(Rachel Zsembery) Ms. Zsembery says she's made a note to follow up with the building inspector, regarding how often the Inland Wetland District triggers review by the Conservation Commission.

Open Space District Rezoning

(David Morgan) Mr. Morgan says there are 68 parcels where he's identified open space as the principal use, and suggests adding them to the open space district. He says these include cemeteries, parks, and playgrounds. He notes that that the Open Space District has numerous use regulations. The list of parcels mostly came from the Open Space and Recreation Plan, with a few added in. Mr. Morgan says it would benefit the town to know what it has, and to improve efficiencies. The list includes 18 conservation parcels, 15 recreational parcels, 4 privately-held properties, some parcels with cultural or historic resources, and four cemeteries. The Parks and Recreation and Open Space committees supported this change; the Cemetery Committee has questions and Mr. Morgan will continue to engage with them.

(Rachel Zsembery) Ms. Zsembery asks if there's a map.

(David Morgan) Mr. Morgan answers in the affirmative.

(Rachel Zsembery) Ms. Zsembery says she'd like to see a map of these properties, with the existing Open Space District overlaid on top.

(Kin Lau) Mr. Lau says he has issues with some of the privately-owned parcels. One of them belongs to the Medford Boating Club; rezoning their property means that nothing could be done with it if the club closes. He'd like to take out privately-owned open space, or work out arrangements that would make them open to the public.

(Shaina Korman-Houston) Ms. Korman-Houston says that Mr. Lau makes an important distinction between public and private open space. She says it's important to clarify intended uses.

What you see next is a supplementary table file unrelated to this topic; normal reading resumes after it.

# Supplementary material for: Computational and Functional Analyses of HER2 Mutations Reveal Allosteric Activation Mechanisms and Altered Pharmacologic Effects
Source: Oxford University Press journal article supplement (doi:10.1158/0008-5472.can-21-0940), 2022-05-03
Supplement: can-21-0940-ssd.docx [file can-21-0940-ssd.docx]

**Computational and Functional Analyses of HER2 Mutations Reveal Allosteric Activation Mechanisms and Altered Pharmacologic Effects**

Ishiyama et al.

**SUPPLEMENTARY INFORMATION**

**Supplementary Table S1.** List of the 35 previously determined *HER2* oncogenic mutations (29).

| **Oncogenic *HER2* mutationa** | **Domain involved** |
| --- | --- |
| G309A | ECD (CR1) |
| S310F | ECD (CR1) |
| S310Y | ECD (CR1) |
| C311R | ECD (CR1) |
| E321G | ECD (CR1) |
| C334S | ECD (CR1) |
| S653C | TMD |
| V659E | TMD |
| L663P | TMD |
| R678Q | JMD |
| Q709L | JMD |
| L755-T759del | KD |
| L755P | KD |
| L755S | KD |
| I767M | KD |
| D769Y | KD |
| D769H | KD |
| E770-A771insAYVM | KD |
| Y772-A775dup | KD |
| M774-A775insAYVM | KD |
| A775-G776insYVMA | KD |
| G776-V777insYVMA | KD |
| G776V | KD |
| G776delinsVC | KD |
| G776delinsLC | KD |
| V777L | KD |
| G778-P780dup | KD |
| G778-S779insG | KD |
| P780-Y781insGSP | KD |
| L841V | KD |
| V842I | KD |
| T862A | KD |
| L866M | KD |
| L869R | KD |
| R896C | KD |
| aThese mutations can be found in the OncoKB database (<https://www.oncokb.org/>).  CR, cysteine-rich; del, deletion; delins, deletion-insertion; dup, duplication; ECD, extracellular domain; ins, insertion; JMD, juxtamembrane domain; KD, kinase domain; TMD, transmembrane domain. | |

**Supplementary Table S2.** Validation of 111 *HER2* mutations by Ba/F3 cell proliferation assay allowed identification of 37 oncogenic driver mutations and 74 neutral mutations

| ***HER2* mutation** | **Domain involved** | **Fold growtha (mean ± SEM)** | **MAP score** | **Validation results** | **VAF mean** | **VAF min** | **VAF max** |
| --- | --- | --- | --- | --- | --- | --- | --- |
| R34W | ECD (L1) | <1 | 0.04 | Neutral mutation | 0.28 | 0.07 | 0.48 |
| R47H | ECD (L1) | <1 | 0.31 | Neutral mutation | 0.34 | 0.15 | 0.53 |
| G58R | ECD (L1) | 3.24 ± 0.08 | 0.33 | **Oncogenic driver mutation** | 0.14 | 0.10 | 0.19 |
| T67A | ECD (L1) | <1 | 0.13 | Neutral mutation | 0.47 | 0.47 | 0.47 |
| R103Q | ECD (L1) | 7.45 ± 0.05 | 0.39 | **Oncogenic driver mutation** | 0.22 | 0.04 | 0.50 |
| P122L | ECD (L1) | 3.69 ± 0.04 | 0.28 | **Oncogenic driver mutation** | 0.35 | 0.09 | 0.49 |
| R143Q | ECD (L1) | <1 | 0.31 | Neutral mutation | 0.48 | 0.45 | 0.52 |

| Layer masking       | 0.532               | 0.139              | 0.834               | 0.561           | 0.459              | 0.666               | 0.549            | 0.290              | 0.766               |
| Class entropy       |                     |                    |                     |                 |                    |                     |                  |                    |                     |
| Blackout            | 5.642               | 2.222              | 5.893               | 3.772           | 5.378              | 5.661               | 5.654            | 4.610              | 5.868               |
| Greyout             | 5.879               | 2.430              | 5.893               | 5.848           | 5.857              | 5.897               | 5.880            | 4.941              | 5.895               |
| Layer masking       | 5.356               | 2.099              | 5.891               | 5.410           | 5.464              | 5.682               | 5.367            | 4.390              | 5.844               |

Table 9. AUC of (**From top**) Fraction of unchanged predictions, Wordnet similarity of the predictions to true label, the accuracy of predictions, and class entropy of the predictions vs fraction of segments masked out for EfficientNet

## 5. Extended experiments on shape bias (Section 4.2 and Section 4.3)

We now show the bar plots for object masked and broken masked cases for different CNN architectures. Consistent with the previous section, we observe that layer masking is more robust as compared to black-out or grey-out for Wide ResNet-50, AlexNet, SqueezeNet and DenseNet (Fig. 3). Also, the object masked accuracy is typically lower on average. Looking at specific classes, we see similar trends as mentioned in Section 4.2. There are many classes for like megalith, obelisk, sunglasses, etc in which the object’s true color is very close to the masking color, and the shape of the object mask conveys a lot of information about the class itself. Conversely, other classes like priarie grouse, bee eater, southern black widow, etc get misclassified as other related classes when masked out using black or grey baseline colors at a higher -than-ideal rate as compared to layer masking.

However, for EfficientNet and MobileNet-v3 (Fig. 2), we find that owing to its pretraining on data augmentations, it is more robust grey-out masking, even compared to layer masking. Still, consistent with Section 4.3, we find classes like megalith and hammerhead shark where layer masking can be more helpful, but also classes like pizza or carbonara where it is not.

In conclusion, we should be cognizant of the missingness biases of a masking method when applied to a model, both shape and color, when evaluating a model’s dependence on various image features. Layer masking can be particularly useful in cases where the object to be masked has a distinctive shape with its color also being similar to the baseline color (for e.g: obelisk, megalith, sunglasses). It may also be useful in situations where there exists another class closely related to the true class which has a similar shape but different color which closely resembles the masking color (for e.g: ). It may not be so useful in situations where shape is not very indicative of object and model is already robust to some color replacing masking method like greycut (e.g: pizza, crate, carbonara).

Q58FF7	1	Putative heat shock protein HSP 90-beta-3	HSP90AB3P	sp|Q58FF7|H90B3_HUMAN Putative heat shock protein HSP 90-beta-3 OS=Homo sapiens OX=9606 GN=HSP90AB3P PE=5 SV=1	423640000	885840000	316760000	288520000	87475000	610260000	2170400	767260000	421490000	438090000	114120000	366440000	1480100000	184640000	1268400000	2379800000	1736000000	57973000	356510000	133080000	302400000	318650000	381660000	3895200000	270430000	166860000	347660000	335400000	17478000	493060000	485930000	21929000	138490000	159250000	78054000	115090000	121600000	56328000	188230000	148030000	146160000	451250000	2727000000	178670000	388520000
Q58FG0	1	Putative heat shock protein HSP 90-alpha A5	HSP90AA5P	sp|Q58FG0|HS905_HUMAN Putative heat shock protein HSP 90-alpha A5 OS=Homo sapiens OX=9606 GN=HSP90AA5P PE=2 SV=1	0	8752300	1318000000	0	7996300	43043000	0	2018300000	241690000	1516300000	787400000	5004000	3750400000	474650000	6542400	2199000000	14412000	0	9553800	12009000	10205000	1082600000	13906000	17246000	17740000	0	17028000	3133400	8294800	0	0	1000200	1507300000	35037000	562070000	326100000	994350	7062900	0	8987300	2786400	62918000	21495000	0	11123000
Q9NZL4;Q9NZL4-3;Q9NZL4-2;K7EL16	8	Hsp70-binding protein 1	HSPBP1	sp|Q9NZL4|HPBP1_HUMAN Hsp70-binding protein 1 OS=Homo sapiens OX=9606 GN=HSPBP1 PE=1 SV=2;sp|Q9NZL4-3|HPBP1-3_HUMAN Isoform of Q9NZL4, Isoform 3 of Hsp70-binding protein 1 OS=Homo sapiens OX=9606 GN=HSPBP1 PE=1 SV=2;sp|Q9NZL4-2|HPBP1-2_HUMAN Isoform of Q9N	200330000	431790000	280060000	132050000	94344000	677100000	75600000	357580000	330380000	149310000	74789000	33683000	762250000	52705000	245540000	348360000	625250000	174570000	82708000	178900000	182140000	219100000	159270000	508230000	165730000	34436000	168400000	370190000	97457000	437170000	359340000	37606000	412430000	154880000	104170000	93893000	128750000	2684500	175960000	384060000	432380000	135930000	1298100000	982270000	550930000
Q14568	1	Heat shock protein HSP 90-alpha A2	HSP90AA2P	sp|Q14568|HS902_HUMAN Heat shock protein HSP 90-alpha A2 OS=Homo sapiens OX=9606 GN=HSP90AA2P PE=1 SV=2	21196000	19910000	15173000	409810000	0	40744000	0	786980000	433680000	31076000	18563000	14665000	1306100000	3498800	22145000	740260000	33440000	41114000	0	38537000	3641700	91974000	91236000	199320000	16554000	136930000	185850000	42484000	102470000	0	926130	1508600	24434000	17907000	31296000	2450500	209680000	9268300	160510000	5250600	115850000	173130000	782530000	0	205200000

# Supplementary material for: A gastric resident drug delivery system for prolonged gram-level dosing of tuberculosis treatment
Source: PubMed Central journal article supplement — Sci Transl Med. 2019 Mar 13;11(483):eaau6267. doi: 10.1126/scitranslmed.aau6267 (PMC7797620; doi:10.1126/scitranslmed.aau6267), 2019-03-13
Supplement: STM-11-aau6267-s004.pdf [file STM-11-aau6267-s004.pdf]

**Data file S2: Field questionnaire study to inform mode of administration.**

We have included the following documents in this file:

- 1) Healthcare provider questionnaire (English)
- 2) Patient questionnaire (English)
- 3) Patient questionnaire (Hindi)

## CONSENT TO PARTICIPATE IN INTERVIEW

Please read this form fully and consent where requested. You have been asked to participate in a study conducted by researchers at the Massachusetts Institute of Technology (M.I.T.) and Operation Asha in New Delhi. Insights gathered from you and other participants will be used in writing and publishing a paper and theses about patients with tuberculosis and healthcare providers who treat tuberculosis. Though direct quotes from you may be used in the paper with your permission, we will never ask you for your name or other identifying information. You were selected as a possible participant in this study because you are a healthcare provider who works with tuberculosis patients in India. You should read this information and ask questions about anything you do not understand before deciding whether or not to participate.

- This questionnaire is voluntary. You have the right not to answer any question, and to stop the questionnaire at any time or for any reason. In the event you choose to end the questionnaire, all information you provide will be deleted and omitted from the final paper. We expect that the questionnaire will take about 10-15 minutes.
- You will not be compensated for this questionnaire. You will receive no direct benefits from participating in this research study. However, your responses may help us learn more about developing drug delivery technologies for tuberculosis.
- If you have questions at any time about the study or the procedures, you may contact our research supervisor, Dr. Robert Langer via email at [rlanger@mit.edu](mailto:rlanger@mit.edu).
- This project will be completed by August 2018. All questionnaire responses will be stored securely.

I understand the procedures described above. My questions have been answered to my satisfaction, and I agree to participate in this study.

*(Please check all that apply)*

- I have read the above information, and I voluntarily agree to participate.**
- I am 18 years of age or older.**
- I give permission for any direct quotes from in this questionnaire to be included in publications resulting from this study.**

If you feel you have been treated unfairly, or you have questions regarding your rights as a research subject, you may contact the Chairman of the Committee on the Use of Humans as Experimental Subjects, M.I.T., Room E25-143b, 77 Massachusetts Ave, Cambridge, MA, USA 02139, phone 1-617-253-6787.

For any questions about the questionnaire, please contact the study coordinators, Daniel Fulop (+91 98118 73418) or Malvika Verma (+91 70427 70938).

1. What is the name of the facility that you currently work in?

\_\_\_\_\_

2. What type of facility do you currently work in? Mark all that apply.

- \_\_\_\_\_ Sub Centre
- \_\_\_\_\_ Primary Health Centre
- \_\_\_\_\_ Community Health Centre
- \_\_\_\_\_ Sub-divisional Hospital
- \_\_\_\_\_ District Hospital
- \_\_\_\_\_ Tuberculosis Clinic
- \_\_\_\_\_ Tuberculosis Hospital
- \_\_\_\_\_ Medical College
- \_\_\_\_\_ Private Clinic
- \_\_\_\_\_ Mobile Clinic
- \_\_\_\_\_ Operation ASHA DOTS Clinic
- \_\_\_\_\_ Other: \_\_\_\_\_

(Eugene Benson) Mr. Benson says the Open Space district's definition doesn't mention privately-owned land. He says there are some parcels in the list where the primary use is a house, rather than open space. The Jason Russell house is one example, and the Medford Boat Club is another.

Mr. Benson says that many municipalities zoned their cemeteries residential as a result of where they wanted the cemeteries to be -- in residential areas, rather than business or industrial ones. He looked at zoning in other communities and most of them put cemeteries in residential districts, or occasionally a cemetery district. Very few zone them as open space.

The board can legally ask to rezone private property without the owner's permission, but he thinks it would be good to ask the owners. Open space zoning takes away economic value, and that could be considered a taking. Conservation restrictions can expire or be lifted, and he's concerned this may raise spot-zoning issues.

Regarding cultural and historic sites, Mr. Benson says that some communities have areas that are zoned as government-administered space, and he that's that may be a better designation.

(Chuck Tirone) Mr. Tirone says the Conservation Commission tries to do conservation easements in perpetuity.

(Eugene Benson) Mr. Benson thinks that's a good direction.

(David Morgan) Mr. Morgan thinks the open space district's definition could be clarified, regarding who has jurisdiction over the properties.

(Steve Revilak) Mr. Revilak says that Arlington's zoning map is parcel based; each parcel has one district, so all of the district boundaries fall on parcel boundaries. He thinks that's a useful approach. Mr. Revilak looked at the ArcGIS map referenced in Mr. Morgan's memo, and to him it looks like the boundaries on school properties and in the Multi-use district aren't on parcel lines. He says that's not a deal-breaker though.

Mr. Revilak agrees with Mr. Benson regarding historic properties. He doesn't believe that open space is the primary use of those parcels.

The map proposes to re-zone several school playgrounds and athletic fields as open space. Mr. Revilak asks if this has been discussed with the school board or school district.

(David Morgan) Mr. Morgan answers in the negative.

(Steve Revilak) Mr. Revilak says there was a demographic turnover in East Arlington a few years ago; older families moved out, and younger families moved in. This led the school district to add six classrooms to the Thompson School and four to the Hardy. He says this could happen with other elementary schools, but zoning the areas around the school buildings as open space would prohibit such additions.